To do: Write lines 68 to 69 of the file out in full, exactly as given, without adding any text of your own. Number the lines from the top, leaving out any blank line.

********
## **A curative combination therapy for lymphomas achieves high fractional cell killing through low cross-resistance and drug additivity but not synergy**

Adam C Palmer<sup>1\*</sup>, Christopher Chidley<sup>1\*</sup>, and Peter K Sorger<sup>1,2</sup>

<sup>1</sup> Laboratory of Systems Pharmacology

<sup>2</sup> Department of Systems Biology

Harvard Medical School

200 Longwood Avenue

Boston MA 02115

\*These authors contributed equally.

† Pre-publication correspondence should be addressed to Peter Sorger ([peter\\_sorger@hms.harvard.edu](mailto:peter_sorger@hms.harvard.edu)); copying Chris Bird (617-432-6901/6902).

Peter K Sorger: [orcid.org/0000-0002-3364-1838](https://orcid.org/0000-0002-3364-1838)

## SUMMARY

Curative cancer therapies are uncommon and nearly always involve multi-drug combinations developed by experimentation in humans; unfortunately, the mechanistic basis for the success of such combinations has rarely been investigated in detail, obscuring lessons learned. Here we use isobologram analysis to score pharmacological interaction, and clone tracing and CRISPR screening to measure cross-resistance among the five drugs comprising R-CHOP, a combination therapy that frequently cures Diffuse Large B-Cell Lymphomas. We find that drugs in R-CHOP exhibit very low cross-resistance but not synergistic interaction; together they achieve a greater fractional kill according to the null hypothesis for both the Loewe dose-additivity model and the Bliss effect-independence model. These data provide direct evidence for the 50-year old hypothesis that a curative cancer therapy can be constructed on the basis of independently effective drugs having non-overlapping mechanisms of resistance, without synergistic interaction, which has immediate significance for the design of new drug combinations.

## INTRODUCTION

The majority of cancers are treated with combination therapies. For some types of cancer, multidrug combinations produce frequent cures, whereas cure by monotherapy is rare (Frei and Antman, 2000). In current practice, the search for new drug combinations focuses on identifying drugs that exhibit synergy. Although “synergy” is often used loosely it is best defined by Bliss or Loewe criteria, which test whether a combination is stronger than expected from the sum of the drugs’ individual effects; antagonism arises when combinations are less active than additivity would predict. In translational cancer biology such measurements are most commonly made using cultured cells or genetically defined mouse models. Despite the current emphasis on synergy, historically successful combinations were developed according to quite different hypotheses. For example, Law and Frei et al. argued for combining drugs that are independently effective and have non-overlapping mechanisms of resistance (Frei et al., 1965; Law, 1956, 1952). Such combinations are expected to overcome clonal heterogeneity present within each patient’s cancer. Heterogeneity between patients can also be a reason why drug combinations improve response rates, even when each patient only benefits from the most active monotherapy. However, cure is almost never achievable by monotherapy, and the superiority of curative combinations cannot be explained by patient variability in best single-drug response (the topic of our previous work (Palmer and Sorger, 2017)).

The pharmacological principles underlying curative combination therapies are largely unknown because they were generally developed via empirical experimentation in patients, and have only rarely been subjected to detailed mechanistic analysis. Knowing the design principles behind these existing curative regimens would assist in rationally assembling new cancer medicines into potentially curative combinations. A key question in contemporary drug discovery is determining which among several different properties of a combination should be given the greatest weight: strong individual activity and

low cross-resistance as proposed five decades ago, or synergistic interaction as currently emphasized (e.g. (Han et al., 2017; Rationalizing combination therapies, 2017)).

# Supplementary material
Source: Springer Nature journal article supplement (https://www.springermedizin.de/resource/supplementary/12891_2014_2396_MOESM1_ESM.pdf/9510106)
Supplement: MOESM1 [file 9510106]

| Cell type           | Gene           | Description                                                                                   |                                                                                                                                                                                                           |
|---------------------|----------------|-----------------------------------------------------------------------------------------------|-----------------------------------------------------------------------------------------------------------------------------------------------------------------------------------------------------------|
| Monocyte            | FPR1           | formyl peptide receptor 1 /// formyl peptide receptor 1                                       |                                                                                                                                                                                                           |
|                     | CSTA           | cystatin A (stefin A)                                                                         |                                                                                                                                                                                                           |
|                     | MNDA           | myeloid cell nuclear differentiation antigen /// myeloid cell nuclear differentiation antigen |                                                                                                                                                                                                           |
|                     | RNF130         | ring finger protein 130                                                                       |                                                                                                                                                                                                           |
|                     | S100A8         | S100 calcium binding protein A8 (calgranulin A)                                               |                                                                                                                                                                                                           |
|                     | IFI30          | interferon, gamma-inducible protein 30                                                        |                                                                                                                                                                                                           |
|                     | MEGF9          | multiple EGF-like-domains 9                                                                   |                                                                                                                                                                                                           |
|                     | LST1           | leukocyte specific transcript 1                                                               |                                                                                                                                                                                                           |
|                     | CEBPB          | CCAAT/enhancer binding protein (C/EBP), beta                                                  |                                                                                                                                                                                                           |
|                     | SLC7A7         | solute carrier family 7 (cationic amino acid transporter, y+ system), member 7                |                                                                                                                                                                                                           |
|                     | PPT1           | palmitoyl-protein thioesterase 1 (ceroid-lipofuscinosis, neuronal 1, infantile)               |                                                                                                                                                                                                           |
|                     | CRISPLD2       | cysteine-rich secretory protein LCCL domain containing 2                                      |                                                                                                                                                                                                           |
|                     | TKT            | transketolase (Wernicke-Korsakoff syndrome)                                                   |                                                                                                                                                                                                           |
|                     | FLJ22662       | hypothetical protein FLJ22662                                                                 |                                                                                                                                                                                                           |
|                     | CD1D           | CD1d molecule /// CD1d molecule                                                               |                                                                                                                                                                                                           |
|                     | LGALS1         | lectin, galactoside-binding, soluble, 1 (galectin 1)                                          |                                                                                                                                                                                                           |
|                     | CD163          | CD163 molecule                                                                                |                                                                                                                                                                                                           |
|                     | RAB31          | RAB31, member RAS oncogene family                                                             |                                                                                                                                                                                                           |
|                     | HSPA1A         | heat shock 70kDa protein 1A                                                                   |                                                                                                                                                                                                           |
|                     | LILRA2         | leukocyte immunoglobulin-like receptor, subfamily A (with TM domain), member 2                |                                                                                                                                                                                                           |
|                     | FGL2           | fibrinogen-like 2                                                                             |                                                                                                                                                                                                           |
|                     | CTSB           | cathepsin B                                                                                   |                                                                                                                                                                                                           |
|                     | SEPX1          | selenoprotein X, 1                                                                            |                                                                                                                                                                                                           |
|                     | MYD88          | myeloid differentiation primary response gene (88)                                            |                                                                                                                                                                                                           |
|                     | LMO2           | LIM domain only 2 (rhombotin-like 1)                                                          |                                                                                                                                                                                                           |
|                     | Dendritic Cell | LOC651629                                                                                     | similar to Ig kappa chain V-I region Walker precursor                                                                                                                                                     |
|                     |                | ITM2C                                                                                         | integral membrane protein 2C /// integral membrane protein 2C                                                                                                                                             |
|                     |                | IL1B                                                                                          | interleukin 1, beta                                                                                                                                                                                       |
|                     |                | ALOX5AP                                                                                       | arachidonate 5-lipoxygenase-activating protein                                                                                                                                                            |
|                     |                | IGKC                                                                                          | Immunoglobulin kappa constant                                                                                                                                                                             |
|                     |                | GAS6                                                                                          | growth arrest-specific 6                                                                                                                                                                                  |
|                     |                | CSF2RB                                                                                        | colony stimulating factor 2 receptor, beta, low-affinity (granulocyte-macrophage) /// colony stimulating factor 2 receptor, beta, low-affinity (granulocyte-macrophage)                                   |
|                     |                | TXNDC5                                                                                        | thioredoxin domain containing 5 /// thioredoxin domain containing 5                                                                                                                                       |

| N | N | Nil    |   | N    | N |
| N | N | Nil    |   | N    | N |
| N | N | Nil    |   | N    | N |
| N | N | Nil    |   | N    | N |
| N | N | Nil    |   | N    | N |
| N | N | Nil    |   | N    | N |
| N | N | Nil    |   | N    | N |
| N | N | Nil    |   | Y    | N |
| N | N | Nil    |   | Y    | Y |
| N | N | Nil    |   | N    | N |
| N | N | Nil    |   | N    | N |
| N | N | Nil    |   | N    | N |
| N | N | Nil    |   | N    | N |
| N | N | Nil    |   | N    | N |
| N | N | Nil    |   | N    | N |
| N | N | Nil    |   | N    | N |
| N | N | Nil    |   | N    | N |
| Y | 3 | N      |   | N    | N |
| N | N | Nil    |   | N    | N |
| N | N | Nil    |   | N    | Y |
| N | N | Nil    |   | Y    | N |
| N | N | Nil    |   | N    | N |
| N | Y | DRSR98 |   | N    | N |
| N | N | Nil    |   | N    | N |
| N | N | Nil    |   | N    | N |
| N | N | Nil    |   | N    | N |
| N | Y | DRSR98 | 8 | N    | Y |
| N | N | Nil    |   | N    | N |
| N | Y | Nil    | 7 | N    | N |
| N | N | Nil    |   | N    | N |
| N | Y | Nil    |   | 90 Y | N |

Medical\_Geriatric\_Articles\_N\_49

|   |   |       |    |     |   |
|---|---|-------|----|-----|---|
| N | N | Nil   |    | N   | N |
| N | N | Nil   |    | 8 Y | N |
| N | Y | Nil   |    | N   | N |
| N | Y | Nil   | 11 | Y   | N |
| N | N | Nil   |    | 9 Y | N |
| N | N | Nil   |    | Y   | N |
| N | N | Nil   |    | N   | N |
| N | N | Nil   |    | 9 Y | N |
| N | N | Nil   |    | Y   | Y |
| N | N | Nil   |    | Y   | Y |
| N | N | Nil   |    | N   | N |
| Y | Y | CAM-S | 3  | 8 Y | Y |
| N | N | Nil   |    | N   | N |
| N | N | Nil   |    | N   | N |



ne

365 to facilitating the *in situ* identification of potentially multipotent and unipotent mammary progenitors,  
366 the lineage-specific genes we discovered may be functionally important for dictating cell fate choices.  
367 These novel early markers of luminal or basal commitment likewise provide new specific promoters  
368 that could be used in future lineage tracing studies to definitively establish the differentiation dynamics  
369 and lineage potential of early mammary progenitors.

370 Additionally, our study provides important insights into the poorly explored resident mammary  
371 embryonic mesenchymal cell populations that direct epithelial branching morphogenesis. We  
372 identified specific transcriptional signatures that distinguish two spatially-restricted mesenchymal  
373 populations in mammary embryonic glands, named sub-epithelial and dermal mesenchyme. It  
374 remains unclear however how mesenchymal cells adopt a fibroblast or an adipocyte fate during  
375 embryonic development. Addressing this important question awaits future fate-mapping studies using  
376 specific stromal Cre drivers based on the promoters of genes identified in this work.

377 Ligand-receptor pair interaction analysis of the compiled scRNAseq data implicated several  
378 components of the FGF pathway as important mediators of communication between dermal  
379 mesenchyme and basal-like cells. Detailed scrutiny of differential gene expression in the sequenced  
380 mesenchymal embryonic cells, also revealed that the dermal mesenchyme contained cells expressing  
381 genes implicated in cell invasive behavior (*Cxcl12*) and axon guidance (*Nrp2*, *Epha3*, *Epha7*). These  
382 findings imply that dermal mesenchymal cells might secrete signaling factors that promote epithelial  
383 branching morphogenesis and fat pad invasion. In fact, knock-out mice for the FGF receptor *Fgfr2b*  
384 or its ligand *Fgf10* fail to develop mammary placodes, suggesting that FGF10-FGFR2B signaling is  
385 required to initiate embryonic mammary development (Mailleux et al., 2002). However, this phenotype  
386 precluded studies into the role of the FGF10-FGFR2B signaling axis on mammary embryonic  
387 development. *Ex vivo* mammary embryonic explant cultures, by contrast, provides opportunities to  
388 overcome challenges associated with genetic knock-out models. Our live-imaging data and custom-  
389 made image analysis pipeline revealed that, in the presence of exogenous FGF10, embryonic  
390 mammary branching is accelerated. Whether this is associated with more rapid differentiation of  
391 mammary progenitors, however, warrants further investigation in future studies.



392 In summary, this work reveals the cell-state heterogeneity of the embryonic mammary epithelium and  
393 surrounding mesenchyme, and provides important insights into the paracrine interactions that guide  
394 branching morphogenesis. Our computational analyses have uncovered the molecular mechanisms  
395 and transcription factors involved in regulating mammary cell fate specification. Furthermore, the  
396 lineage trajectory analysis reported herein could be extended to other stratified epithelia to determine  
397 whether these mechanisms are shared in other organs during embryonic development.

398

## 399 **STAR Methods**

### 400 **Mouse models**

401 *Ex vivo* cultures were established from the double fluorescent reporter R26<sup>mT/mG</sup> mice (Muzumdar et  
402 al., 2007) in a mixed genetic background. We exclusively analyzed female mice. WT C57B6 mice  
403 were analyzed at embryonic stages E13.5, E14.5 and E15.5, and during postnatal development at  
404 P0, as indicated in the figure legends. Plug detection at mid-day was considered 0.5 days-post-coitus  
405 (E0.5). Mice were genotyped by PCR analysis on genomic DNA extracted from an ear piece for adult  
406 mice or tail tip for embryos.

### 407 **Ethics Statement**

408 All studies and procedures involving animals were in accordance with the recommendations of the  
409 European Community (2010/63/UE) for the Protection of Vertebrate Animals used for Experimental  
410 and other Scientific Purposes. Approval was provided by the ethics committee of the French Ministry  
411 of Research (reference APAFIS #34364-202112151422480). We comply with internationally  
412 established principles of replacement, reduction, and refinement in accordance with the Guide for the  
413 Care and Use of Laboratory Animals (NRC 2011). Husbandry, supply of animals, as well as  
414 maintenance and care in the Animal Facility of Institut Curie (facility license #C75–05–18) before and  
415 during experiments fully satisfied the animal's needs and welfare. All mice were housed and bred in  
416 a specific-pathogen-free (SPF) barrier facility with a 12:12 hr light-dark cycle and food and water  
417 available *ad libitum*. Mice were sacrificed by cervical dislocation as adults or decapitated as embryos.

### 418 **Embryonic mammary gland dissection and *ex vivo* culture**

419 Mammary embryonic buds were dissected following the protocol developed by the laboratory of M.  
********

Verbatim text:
| N | N | Nil    |   | N    | N |
| N | N | Nil    |   | N    | N |